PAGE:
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January 25, 2009 8:15 pm
Iceland’s government started to fracture on Sunday as its commerce minister resigned two days after Geir Haarde stepped down as prime minister after disclosing that he was suffering from cancer.
Bjorgvin Sigurdsson, a member of the Social Democratic party, the junior member of Iceland’s two-party coalition led by the Independence party, said he had resigned the trade brief to indicate responsibility for the country’s financial crisis.
Mr Haarde has called for an early election in May, but if more Social Democratic members of the cabinet step down, the coalition could collapse and the government be forced into an even earlier poll.
Ingibjorg Gisladottir, foreign minister and leader of the Social Democrats, has so far backed Mr Haarde’s call for an election in the spring, but her stance could alter as public pressure for an immediate election grows.
As the momentum for an early poll builds, there are considerable uncertainties over the impact it would have on the country’s economic performance.
Iceland is suffering the most serious crisis in its recent history, with its economy expected to contract by 10 per cent this year and capital controls in force that prevent its currency from trading internationally.
An opinion poll by MMR has revealed the Left-Green Movement would win any election with 28.5 per cent of the vote, compared with 24.3 per cent for Mr Haarde’s Independence party and 17 per cent for the Social Democrats.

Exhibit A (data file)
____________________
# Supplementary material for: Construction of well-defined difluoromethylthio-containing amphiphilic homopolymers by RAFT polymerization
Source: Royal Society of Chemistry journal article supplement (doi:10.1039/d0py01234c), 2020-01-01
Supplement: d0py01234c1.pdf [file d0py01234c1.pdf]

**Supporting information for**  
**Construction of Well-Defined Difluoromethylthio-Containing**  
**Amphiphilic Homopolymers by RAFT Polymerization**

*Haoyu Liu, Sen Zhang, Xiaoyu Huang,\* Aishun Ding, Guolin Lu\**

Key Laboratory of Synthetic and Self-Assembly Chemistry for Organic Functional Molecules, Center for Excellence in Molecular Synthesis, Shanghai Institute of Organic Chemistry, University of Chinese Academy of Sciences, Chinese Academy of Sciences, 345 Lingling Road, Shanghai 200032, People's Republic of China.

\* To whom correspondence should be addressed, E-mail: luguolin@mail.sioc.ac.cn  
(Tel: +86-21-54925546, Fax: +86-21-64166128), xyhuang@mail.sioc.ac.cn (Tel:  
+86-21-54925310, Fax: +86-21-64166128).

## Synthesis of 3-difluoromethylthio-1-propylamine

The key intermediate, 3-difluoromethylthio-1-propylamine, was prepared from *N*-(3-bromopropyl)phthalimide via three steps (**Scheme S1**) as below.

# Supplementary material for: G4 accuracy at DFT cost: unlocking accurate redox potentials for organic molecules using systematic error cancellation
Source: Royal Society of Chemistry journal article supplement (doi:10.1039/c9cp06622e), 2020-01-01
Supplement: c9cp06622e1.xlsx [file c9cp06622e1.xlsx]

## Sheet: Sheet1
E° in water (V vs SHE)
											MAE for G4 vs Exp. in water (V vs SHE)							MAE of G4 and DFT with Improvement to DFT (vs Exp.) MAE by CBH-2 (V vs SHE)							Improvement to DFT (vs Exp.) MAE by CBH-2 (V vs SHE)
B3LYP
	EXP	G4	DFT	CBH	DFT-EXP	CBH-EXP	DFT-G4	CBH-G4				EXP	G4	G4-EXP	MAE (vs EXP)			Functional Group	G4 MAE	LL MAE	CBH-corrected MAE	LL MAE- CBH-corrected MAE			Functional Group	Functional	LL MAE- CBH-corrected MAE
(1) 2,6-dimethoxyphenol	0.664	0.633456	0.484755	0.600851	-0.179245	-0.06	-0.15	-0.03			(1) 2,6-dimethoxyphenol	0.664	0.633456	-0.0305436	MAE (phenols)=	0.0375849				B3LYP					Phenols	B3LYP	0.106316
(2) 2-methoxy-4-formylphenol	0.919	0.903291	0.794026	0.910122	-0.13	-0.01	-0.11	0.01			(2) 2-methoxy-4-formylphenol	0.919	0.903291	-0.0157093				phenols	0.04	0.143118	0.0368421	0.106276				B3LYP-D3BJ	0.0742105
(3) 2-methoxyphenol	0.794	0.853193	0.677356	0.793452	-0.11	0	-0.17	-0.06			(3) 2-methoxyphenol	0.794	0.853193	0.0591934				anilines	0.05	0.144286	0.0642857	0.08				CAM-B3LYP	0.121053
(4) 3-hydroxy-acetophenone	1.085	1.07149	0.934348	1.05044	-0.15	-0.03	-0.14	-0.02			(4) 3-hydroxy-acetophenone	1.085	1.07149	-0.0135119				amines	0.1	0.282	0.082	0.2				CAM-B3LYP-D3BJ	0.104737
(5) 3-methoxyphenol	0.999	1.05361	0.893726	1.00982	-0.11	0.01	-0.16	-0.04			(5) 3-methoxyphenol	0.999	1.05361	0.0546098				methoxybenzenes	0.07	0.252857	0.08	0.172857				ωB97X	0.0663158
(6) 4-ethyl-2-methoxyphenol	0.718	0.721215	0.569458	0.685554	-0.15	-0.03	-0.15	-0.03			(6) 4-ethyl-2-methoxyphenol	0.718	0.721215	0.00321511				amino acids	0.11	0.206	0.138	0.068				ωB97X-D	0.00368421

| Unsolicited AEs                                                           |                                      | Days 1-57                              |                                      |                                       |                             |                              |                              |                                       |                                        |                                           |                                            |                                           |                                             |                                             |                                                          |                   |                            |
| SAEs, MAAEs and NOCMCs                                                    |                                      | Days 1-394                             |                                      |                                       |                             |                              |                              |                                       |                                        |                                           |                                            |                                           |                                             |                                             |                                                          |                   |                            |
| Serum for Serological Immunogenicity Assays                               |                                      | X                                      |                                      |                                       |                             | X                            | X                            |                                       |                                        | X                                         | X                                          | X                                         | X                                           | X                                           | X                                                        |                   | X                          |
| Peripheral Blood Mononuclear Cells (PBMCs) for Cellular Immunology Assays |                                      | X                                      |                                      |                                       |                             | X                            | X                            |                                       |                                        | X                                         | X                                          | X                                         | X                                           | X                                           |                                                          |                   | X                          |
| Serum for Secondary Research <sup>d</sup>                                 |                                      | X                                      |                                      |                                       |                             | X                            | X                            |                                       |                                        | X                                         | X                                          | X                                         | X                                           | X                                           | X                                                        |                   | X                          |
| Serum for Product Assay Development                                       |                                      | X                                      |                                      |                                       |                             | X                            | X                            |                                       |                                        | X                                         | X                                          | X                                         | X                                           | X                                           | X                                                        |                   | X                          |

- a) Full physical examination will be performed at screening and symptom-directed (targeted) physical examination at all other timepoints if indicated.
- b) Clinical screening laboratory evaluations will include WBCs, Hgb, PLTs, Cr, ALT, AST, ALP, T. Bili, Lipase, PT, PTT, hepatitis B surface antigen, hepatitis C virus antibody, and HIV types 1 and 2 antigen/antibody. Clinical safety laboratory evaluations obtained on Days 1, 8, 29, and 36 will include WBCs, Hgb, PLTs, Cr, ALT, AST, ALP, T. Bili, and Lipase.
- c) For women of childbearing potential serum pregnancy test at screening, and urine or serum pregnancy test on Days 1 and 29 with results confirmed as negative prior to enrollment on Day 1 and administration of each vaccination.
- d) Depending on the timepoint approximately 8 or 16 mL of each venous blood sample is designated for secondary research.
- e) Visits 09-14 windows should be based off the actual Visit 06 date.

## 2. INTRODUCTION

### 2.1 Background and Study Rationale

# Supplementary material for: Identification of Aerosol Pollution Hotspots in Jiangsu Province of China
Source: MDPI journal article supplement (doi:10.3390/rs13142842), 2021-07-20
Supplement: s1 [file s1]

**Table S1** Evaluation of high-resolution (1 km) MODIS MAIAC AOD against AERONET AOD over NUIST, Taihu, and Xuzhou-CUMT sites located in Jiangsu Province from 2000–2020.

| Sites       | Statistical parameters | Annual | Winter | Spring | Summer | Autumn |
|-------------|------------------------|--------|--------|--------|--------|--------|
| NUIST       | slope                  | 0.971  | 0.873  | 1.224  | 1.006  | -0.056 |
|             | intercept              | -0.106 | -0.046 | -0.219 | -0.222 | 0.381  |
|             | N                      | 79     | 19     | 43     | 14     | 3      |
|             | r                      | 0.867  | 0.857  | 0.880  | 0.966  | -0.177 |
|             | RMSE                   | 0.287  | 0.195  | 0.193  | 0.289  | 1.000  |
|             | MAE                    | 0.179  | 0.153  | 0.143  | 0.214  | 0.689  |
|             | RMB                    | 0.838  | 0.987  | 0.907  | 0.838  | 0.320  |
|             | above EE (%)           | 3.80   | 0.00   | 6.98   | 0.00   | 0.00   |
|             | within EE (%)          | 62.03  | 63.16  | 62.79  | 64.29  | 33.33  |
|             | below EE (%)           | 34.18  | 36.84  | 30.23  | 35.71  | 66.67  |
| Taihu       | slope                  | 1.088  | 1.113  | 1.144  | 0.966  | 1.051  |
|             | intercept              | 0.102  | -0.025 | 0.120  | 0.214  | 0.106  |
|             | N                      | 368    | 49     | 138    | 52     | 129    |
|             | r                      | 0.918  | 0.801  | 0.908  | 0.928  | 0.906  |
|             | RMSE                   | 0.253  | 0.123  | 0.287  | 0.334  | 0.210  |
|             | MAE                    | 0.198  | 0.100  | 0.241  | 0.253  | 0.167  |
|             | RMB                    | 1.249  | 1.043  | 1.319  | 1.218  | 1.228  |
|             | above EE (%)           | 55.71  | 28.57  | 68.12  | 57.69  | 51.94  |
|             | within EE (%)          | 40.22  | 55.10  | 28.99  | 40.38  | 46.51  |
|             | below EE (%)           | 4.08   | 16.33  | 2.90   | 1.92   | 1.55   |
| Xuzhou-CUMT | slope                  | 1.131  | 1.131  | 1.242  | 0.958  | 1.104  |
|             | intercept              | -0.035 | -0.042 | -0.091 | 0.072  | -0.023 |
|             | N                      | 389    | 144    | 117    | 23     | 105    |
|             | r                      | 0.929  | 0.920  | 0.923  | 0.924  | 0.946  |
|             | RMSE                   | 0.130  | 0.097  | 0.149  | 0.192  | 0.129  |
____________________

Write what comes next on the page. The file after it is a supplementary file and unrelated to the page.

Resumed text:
A dramatic shift to the left could seriously undermine already extremely fragile international confidence in Iceland’s currency and trigger massive capital flight as investors bail out.
The central bank estimates international investors own up to IKr400bn ($3.2bn, €2.5bn, £2.4bn) of Icelandic bonds that could be withdrawn once its currency is fully refloated.
The absence of political stability and uncertainty over the ability of any new government to implement an economic rescue package devised by the International Monetary Fund as part of a $6bn rescue package could encourage capital flight.
As the government coalition shows signs of disintegrating, the Social Democratic party is starting to apply pressure on senior members of the country’s main financial regulator and central bank to step down.
Mr Sigurdsson, 38, said on Sunday that he had called for the management of the Financial Supervisory Authority to resign.
Meanwhile, on Icelandic radio Ms Gisladottir suggested that David Oddsson, governor of the central bank, should step down.
Demands for heads to roll will prove popular with the Icelandic public.
Thousands of demonstrators have gathered outside parliament and the central bank in recent weeks and demanded senior policy makers and regulators take responsibility for the crisis.
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